“The Scarborough Community Renewal Organization would like to take issue with your 2018 neighbourhoods rankings. There is the large chasm between the ranking system and the stated
purpose of your magazine as ‘...the destination for people who care about Toronto.’ Claiming that low-ranking neighbourhoods (an inevitability in any ranking system) may be the ‘worst places to live’ is completely inconsistent with caring about Toronto. It is divisive and hurtful. All neighbourhoods have positive things to offer. For example, Cliffside (#125 of 140) has one of Toronto’s most beautiful streets (Fallingbrook Drive), Cliffcrest (#122) has one of our best beaches (Bluffer’s Park) and the Rouge (#132) has one of our foremost national parks. Ranking these neighbourhoods among the ‘worst’ is not only inaccurate, it undermines the widely acknowledged positive features that define our city.” —Sitharsana Srithas and
John Stapleton, SCRO
“As an elementary school teacher, I found your vague references to ‘great schools,’ ‘strong schools’ and ‘highly ranked schools’ disappointing. You write that the number of schools and daycares in each neighbourhood were part of the criteria that allowed for a higher ranking, but what exactly makes a school great, strong or highly ranked? EQAO scores? Yuck. Typically, schools that are socioeconomically and culturally diverse don’t do well on EQAO. Does this mean we’re holding up the opposite as the ideal? I’ve worked at several wonderful schools in my career, most of which have ranked poorly on the EQAO. Those scores—and the Fraser Institute rankings that result from them—are not even close to a good measure of what makes a school great and strong.”
The happy householders were a much more succinct bunch.
“Love Bloor West!!!” —Raul Novo, Facebook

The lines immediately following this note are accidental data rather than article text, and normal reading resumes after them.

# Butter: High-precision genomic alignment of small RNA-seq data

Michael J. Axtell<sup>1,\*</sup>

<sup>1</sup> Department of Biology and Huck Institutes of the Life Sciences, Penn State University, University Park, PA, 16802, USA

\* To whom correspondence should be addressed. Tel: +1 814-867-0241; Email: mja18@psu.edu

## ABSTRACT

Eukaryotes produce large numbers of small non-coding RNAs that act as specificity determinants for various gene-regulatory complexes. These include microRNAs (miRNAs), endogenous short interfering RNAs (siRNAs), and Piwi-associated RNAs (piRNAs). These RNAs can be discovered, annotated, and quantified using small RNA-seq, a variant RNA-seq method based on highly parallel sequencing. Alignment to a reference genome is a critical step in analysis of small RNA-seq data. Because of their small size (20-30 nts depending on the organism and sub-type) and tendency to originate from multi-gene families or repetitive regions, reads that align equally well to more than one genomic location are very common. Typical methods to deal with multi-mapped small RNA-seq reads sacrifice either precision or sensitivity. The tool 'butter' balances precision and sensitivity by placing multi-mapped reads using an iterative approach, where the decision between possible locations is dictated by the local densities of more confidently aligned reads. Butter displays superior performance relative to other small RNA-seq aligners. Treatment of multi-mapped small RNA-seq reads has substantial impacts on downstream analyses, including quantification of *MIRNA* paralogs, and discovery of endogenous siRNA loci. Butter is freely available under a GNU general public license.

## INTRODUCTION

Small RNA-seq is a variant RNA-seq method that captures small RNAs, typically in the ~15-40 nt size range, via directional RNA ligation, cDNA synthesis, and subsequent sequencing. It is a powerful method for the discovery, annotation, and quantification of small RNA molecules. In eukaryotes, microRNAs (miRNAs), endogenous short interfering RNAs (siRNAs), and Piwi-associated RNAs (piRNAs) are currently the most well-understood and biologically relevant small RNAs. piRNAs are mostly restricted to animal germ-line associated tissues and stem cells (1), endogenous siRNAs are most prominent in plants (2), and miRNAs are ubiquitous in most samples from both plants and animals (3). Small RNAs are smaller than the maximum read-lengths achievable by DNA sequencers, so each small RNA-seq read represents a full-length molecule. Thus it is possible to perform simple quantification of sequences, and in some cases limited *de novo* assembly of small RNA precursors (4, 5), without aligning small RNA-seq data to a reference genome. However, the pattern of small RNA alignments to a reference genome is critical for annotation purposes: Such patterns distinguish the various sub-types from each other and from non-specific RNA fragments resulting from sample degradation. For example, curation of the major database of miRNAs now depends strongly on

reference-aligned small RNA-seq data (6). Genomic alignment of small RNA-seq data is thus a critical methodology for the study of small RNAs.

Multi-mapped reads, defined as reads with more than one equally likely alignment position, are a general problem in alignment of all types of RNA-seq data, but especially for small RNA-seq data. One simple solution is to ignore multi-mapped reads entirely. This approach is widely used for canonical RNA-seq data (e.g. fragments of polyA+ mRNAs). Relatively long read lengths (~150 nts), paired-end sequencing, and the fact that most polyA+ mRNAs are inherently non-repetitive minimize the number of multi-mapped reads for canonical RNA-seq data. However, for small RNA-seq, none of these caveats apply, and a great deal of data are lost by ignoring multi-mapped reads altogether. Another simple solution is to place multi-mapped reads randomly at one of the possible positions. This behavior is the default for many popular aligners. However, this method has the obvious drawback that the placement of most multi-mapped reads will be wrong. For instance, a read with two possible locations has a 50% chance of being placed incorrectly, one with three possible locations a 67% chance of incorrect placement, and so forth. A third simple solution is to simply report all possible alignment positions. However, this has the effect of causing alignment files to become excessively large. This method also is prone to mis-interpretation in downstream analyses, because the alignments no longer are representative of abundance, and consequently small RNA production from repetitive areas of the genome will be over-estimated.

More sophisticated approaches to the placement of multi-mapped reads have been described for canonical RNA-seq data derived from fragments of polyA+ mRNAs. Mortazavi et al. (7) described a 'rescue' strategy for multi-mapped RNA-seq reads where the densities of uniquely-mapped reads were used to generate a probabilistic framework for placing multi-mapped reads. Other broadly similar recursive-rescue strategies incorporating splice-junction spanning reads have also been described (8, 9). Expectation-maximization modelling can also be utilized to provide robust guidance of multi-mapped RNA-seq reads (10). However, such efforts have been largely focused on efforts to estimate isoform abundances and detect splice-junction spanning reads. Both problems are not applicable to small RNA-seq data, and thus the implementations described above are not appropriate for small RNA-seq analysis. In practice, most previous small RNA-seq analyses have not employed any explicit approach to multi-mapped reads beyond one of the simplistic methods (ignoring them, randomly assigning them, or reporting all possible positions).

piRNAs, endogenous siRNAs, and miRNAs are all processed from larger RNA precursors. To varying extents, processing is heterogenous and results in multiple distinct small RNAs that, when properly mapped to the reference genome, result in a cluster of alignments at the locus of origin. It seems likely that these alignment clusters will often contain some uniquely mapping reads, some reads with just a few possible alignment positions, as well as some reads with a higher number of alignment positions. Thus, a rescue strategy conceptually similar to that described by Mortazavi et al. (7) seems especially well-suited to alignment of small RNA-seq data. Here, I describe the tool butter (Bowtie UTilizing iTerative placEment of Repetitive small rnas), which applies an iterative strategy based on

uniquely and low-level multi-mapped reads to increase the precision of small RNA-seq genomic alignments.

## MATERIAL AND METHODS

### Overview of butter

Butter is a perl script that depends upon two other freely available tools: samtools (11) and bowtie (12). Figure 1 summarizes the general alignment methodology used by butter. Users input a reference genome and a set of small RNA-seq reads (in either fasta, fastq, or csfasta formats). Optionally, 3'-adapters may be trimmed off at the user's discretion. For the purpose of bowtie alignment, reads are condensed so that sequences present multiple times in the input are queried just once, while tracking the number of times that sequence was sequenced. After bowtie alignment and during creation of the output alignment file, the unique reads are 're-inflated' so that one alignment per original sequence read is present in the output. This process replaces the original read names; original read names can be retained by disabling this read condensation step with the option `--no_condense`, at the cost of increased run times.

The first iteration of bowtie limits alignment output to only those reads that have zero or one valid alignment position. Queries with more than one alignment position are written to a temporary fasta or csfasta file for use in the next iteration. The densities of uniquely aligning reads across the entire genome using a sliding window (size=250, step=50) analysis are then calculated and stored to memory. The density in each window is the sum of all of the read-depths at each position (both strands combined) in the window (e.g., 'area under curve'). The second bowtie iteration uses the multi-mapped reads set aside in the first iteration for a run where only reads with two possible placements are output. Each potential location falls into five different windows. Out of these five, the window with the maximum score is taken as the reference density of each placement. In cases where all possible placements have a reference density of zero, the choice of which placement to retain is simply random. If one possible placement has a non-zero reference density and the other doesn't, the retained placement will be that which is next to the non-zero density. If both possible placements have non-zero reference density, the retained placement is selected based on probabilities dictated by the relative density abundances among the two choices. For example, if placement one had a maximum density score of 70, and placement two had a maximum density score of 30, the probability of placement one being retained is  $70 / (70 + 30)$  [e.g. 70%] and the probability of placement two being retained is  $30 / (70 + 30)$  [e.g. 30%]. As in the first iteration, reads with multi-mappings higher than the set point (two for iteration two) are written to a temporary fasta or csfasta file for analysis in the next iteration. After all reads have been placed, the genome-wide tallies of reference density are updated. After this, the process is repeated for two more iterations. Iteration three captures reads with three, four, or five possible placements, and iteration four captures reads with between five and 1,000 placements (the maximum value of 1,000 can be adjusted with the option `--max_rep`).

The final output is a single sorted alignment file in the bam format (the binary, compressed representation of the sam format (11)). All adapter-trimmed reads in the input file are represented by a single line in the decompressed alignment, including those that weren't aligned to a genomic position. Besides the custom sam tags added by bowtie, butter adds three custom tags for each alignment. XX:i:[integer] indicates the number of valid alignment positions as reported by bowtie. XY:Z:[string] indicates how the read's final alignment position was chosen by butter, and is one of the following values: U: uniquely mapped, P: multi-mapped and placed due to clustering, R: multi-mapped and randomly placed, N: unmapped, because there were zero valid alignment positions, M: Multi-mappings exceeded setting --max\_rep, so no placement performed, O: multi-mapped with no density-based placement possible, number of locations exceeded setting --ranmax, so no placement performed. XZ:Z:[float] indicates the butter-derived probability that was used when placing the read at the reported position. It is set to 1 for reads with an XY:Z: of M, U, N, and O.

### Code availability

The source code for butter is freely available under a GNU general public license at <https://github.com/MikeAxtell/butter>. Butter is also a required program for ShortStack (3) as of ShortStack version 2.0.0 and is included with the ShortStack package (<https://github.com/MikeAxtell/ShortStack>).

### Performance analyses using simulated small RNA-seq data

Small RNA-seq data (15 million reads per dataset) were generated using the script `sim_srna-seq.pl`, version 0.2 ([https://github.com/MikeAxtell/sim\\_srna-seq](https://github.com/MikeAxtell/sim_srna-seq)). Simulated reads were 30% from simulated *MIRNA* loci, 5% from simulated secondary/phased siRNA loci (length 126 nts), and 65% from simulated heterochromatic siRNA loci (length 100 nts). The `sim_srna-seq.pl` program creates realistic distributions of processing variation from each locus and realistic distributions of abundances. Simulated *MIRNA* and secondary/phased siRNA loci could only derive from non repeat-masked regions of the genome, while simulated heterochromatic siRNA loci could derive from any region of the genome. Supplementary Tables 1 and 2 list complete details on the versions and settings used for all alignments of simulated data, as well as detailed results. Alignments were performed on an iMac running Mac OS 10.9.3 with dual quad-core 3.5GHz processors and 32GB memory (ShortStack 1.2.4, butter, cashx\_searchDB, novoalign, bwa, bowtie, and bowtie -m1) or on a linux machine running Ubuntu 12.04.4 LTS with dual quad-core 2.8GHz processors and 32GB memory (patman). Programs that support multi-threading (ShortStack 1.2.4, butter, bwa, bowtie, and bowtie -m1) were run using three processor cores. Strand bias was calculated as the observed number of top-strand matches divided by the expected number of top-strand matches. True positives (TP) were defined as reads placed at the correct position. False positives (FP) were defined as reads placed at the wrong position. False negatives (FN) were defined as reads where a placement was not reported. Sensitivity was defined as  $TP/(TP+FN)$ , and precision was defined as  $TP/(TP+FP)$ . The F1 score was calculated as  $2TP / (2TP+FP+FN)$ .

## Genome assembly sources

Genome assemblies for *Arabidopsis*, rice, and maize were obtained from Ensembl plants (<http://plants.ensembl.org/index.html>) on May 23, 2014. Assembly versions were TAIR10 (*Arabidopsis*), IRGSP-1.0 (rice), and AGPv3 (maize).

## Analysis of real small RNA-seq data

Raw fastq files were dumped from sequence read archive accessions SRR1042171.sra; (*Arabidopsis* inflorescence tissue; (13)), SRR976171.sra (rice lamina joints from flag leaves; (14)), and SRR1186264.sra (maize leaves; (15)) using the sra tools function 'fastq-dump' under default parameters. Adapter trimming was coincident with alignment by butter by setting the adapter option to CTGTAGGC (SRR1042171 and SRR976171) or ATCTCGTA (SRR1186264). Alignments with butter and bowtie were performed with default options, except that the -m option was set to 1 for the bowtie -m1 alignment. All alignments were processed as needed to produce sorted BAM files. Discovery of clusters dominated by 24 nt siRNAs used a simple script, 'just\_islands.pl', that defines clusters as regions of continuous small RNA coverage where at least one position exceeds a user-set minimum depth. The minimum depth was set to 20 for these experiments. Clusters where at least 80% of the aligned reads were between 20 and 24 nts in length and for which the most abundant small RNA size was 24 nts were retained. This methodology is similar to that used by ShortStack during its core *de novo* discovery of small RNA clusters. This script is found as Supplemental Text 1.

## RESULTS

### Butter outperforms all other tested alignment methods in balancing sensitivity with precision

“We’re number one…we’re number one!”
—Marcella Jokay, Facebook
“#2 ranking for the old ’hood. I knew we were in on one of best-kept secrets in Toronto…”
—Melissa Bangay, Facebook
Nathaniel G. Moore’s memoir about his grandfather’s faith-healing, beat-thedevil-out cult in Trinity-Bellwoods was as scary as it sounds, and readers apparently like to be scared.
“Toronto Life long read…about a cult? Oh hell yes.”
“Once in a while, Toronto Life has a fantastic article that makes my hair stand on end.”
The piece particularly resonated for this woman:
“Thank you for including Nathaniel Moore’s article in your October issue. The existence of his grandfather’s cult ruined many lives, my family’s included. Many more families were affected than is perhaps known. To suddenly see the group written about some 55 years later is incredibly validating for victims. The story accurately reflects my own memories and experiences.
“The fact that the article was written by a member of the family makes it feel very authentic. I wish to publicly thank Nathaniel Moore for speaking of the group without reservation and without glossing over the facts. When the adult survivors began to speak out about the abuse, we were initially met with derision, skepticism and allegations of false memory. However, you only have to read this article to know our truth. The children of these families, now grown adults if they survived, are the